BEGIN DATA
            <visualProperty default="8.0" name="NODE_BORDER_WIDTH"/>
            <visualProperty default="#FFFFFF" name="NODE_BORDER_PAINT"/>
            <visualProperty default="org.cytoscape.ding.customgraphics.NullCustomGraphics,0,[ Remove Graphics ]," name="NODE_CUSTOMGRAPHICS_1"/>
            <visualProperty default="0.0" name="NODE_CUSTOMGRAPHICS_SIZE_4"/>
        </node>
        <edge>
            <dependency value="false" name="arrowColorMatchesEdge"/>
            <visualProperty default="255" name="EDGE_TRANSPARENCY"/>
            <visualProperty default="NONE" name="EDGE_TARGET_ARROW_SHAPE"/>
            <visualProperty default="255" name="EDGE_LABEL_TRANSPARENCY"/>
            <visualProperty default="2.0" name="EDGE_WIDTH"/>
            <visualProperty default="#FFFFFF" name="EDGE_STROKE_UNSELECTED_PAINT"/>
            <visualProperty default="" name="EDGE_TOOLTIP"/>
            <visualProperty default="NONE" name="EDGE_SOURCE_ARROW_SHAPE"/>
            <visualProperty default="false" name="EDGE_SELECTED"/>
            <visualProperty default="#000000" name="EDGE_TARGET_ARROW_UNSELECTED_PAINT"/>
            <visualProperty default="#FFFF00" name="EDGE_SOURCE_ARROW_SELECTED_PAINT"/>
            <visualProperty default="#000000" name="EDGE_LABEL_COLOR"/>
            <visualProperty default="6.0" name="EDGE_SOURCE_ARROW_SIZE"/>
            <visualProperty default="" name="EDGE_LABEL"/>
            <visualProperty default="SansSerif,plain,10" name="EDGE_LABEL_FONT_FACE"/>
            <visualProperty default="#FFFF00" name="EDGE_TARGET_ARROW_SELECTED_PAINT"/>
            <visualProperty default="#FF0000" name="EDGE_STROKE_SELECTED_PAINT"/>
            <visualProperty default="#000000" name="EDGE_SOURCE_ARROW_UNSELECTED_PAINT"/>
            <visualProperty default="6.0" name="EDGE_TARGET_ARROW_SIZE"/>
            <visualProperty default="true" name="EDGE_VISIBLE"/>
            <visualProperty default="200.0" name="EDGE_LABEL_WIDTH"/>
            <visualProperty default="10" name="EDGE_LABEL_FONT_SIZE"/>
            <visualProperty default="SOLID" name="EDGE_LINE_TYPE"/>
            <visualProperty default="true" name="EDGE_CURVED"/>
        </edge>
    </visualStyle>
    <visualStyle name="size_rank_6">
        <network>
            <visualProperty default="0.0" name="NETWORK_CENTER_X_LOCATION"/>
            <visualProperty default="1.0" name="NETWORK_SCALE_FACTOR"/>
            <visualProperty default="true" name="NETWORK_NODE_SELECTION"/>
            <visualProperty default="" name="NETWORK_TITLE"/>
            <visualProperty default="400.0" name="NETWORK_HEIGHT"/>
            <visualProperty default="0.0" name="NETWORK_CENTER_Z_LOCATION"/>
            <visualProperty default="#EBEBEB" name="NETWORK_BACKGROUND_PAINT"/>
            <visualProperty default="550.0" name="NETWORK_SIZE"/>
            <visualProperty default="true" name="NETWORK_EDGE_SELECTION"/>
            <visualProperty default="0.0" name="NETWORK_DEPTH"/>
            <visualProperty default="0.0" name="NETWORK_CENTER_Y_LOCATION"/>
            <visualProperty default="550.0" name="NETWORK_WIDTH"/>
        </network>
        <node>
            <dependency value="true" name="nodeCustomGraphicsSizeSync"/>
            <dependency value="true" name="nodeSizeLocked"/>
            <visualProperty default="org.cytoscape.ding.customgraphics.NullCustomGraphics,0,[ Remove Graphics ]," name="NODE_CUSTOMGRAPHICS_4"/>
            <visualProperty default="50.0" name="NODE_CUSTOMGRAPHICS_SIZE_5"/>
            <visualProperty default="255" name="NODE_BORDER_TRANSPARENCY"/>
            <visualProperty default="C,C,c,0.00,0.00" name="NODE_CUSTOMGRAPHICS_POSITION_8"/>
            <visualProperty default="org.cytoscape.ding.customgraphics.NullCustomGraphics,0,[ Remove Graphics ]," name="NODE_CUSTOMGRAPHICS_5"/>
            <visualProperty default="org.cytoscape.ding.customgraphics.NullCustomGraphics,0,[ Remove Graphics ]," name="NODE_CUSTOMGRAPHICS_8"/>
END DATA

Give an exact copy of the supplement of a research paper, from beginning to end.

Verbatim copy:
            <visualProperty default="8.0" name="NODE_BORDER_WIDTH"/>
            <visualProperty default="#FFFFFF" name="NODE_BORDER_PAINT"/>
            <visualProperty default="org.cytoscape.ding.customgraphics.NullCustomGraphics,0,[ Remove Graphics ]," name="NODE_CUSTOMGRAPHICS_1"/>
            <visualProperty default="0.0" name="NODE_CUSTOMGRAPHICS_SIZE_4"/>
        </node>
        <edge>
            <dependency value="false" name="arrowColorMatchesEdge"/>
            <visualProperty default="255" name="EDGE_TRANSPARENCY"/>
            <visualProperty default="NONE" name="EDGE_TARGET_ARROW_SHAPE"/>
            <visualProperty default="255" name="EDGE_LABEL_TRANSPARENCY"/>
            <visualProperty default="2.0" name="EDGE_WIDTH"/>
            <visualProperty default="#FFFFFF" name="EDGE_STROKE_UNSELECTED_PAINT"/>
            <visualProperty default="" name="EDGE_TOOLTIP"/>
            <visualProperty default="NONE" name="EDGE_SOURCE_ARROW_SHAPE"/>
            <visualProperty default="false" name="EDGE_SELECTED"/>
            <visualProperty default="#000000" name="EDGE_TARGET_ARROW_UNSELECTED_PAINT"/>
            <visualProperty default="#FFFF00" name="EDGE_SOURCE_ARROW_SELECTED_PAINT"/>
            <visualProperty default="#000000" name="EDGE_LABEL_COLOR"/>
            <visualProperty default="6.0" name="EDGE_SOURCE_ARROW_SIZE"/>
            <visualProperty default="" name="EDGE_LABEL"/>
            <visualProperty default="SansSerif,plain,10" name="EDGE_LABEL_FONT_FACE"/>
            <visualProperty default="#FFFF00" name="EDGE_TARGET_ARROW_SELECTED_PAINT"/>
            <visualProperty default="#FF0000" name="EDGE_STROKE_SELECTED_PAINT"/>
            <visualProperty default="#000000" name="EDGE_SOURCE_ARROW_UNSELECTED_PAINT"/>
            <visualProperty default="6.0" name="EDGE_TARGET_ARROW_SIZE"/>
            <visualProperty default="true" name="EDGE_VISIBLE"/>
            <visualProperty default="200.0" name="EDGE_LABEL_WIDTH"/>
            <visualProperty default="10" name="EDGE_LABEL_FONT_SIZE"/>
            <visualProperty default="SOLID" name="EDGE_LINE_TYPE"/>
            <visualProperty default="true" name="EDGE_CURVED"/>
        </edge>
    </visualStyle>
    <visualStyle name="size_rank_6">
        <network>
            <visualProperty default="0.0" name="NETWORK_CENTER_X_LOCATION"/>
            <visualProperty default="1.0" name="NETWORK_SCALE_FACTOR"/>
            <visualProperty default="true" name="NETWORK_NODE_SELECTION"/>
            <visualProperty default="" name="NETWORK_TITLE"/>
            <visualProperty default="400.0" name="NETWORK_HEIGHT"/>
            <visualProperty default="0.0" name="NETWORK_CENTER_Z_LOCATION"/>
            <visualProperty default="#EBEBEB" name="NETWORK_BACKGROUND_PAINT"/>
            <visualProperty default="550.0" name="NETWORK_SIZE"/>
            <visualProperty default="true" name="NETWORK_EDGE_SELECTION"/>
            <visualProperty default="0.0" name="NETWORK_DEPTH"/>
            <visualProperty default="0.0" name="NETWORK_CENTER_Y_LOCATION"/>
            <visualProperty default="550.0" name="NETWORK_WIDTH"/>
        </network>
        <node>
            <dependency value="true" name="nodeCustomGraphicsSizeSync"/>
            <dependency value="true" name="nodeSizeLocked"/>
            <visualProperty default="org.cytoscape.ding.customgraphics.NullCustomGraphics,0,[ Remove Graphics ]," name="NODE_CUSTOMGRAPHICS_4"/>
            <visualProperty default="50.0" name="NODE_CUSTOMGRAPHICS_SIZE_5"/>
            <visualProperty default="255" name="NODE_BORDER_TRANSPARENCY"/>
            <visualProperty default="C,C,c,0.00,0.00" name="NODE_CUSTOMGRAPHICS_POSITION_8"/>
            <visualProperty default="org.cytoscape.ding.customgraphics.NullCustomGraphics,0,[ Remove Graphics ]," name="NODE_CUSTOMGRAPHICS_5"/>
            <visualProperty default="org.cytoscape.ding.customgraphics.NullCustomGraphics,0,[ Remove Graphics ]," name="NODE_CUSTOMGRAPHICS_8"/>